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A Jewish perspective on Gender

Debbie Young-Somers's picture

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Huge amounts have been written about this subject so there is obviously much to say. I will have to be brief however and try and limit myself.


The changing role of women

There are different ways to approach Judaism's treatment of women, but we must first acknowledge that for the vast majority of our history, we have had leadership roles dominated by men, and texts which were the reserve of men. For some women this means that there is nothing useful to be extracted and things are too embedded in patriarchy and misogyny for anything to be redeemed today. For others there is an understanding of Judaism as delineating roles for men and women that are equal, but different, so traditionally men inhabit the public sphere, and women control the private, and some women are happy to continue this tradition. For others, and I would count myself in this group, there is a need to rediscover the female voice in Judaism, and discover what might be empowering and meaningful for Jewish women today.

This may mean re-interpreting ancient texts, or it may mean finding new understandings of ancient rituals that women were previously excluded from and find ways of creating access to them for women. It can also mean taking rituals that have always belonged to women, and helping women to understand what can be taken from them positively.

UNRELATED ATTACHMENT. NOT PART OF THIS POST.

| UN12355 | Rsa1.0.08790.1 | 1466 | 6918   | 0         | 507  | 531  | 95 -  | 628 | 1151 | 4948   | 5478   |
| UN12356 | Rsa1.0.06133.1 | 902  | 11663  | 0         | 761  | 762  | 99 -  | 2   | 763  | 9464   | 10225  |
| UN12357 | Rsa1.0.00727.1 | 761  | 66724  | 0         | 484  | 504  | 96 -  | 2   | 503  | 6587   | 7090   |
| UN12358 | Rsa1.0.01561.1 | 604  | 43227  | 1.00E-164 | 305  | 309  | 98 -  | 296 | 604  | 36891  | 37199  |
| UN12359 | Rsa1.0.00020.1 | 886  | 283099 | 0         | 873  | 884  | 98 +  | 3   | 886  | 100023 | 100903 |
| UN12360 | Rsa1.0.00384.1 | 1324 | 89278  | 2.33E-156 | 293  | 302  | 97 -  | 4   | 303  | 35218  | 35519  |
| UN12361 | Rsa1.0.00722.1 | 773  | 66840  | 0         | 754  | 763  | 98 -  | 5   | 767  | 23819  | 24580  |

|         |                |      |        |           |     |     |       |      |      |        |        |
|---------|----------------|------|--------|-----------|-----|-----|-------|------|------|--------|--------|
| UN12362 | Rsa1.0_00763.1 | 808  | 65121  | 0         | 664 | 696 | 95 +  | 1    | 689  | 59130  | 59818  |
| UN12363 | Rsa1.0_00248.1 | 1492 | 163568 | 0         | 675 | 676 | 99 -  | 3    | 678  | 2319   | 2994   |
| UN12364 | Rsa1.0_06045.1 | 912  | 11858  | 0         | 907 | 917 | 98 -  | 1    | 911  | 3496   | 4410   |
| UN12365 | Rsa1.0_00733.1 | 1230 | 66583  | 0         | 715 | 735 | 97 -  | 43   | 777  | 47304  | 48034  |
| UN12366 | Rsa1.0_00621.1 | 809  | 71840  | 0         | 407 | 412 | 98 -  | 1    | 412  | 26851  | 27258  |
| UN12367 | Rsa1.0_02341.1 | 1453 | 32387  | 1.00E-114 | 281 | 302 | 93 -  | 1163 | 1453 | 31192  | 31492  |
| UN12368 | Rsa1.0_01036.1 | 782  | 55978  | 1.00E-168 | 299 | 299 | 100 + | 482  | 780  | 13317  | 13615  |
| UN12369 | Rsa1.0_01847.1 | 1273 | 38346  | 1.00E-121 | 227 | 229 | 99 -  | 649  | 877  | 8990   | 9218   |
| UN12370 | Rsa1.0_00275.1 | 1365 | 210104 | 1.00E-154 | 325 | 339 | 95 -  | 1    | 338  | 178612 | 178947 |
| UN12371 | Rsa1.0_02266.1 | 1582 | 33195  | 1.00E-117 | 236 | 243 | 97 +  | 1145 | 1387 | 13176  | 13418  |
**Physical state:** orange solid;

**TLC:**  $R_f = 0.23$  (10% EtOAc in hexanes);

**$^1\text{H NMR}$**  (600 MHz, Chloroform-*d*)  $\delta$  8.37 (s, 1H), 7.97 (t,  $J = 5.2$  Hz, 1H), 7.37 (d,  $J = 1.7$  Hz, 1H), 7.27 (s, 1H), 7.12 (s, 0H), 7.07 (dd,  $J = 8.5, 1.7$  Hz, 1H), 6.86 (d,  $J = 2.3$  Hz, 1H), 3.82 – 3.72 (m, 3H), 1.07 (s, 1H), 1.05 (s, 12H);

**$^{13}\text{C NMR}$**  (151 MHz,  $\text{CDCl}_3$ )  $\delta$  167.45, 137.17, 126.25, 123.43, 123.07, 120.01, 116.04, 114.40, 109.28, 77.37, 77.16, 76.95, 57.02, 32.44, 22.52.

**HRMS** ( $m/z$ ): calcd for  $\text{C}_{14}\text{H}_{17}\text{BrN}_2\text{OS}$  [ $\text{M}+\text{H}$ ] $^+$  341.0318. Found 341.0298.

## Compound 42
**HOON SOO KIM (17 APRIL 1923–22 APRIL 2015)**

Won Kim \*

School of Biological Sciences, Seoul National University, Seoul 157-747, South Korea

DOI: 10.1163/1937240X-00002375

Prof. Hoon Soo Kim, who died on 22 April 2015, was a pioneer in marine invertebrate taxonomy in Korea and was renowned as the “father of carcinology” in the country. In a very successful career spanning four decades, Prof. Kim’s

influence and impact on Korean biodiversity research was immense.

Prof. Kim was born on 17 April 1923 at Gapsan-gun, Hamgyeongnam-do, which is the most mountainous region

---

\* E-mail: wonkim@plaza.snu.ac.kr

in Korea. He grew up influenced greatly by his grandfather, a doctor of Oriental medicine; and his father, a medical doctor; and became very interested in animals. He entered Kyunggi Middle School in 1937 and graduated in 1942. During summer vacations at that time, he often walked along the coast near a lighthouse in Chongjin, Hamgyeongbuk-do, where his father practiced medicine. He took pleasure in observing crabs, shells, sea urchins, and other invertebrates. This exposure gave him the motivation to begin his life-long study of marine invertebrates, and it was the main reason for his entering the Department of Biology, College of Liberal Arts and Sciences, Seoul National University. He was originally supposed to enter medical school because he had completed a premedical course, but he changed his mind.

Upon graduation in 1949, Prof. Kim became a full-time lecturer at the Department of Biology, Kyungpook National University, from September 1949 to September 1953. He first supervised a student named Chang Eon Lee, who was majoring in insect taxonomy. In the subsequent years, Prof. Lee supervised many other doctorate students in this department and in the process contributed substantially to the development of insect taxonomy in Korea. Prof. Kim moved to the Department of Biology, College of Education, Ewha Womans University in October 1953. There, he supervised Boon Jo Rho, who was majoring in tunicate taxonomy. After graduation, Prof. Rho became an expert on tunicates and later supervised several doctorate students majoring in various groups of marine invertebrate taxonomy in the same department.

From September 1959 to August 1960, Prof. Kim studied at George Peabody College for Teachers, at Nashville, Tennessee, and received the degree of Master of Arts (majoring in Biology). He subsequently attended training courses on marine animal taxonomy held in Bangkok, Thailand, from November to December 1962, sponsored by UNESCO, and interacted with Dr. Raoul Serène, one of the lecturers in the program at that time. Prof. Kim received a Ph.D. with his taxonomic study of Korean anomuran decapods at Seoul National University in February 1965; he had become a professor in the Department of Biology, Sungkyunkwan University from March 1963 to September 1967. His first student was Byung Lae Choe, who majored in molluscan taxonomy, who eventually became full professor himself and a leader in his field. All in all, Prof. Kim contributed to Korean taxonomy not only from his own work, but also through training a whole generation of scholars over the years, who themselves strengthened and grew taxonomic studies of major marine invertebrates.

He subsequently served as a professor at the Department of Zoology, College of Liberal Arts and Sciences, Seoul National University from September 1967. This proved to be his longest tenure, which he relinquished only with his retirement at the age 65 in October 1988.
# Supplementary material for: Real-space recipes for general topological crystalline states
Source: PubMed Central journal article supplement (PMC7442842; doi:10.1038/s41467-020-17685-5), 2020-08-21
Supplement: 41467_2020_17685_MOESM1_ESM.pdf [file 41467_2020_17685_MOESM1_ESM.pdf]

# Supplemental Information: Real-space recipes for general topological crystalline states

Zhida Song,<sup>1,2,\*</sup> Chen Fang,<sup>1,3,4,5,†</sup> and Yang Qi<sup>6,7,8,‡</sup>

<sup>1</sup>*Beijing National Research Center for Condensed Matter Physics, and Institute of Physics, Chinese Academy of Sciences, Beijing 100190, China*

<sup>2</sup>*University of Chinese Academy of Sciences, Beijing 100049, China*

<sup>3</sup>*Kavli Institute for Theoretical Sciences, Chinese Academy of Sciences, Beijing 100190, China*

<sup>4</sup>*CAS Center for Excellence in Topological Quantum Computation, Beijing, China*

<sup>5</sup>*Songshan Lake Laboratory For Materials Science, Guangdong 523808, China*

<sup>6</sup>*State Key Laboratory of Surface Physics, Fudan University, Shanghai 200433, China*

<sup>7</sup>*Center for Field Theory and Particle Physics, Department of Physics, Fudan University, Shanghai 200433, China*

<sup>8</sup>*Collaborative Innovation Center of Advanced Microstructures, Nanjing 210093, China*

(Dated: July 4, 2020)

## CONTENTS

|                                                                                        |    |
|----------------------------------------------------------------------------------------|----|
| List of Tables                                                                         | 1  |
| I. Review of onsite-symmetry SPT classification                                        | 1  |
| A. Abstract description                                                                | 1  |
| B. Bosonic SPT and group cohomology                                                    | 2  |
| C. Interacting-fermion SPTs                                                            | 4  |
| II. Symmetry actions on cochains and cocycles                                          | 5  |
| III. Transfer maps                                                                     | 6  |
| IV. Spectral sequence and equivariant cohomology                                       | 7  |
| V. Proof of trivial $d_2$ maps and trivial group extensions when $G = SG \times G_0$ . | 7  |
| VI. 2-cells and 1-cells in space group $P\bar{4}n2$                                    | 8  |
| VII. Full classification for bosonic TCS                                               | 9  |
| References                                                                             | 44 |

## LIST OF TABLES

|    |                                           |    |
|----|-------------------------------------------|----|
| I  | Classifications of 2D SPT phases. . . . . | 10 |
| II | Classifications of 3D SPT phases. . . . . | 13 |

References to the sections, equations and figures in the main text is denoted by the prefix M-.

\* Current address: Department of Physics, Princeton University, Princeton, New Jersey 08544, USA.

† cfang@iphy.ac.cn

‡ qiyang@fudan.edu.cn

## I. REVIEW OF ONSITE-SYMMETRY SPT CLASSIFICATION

No Jewish movement today would actively seek to oppress women, and there are women who live very traditional lives, and women who live very secular lives, all of whom feel empowered by their Judaism. However it must also be acknowledged that some women today, and through history, have felt oppressed and limited by Jewish law and communities.


Trying to understand the principle

One example of this is divorce. Divorce is permitted in Judaism, but the Rabbis didn't want to make it so easy that people would use it lightly. Marriage contracts were seen to protect women in a time when they were often treated as second-class citizens by society.  So some of the restrictions put in place were also thought to protect women. Today, however, they sometimes serve not to protect women, but to chain them and prevent them from remarrying and having (more) children. It is also important to remember the lenses with which we come to texts. In Torah (the Bible), for example, a modern reader will be appalled by laws which insist a rapist must marry his victim. This seems like a cruel punishment for a woman who has done nothing. But in tribal Canaanite and Israelite society where women's status depended on having a husband and children, this was the best way to protect women. My response to this would be that we must extract the principle (to protect those in society who are vulnerable) and apply it to today, rather than taking the literal meaning of the law.

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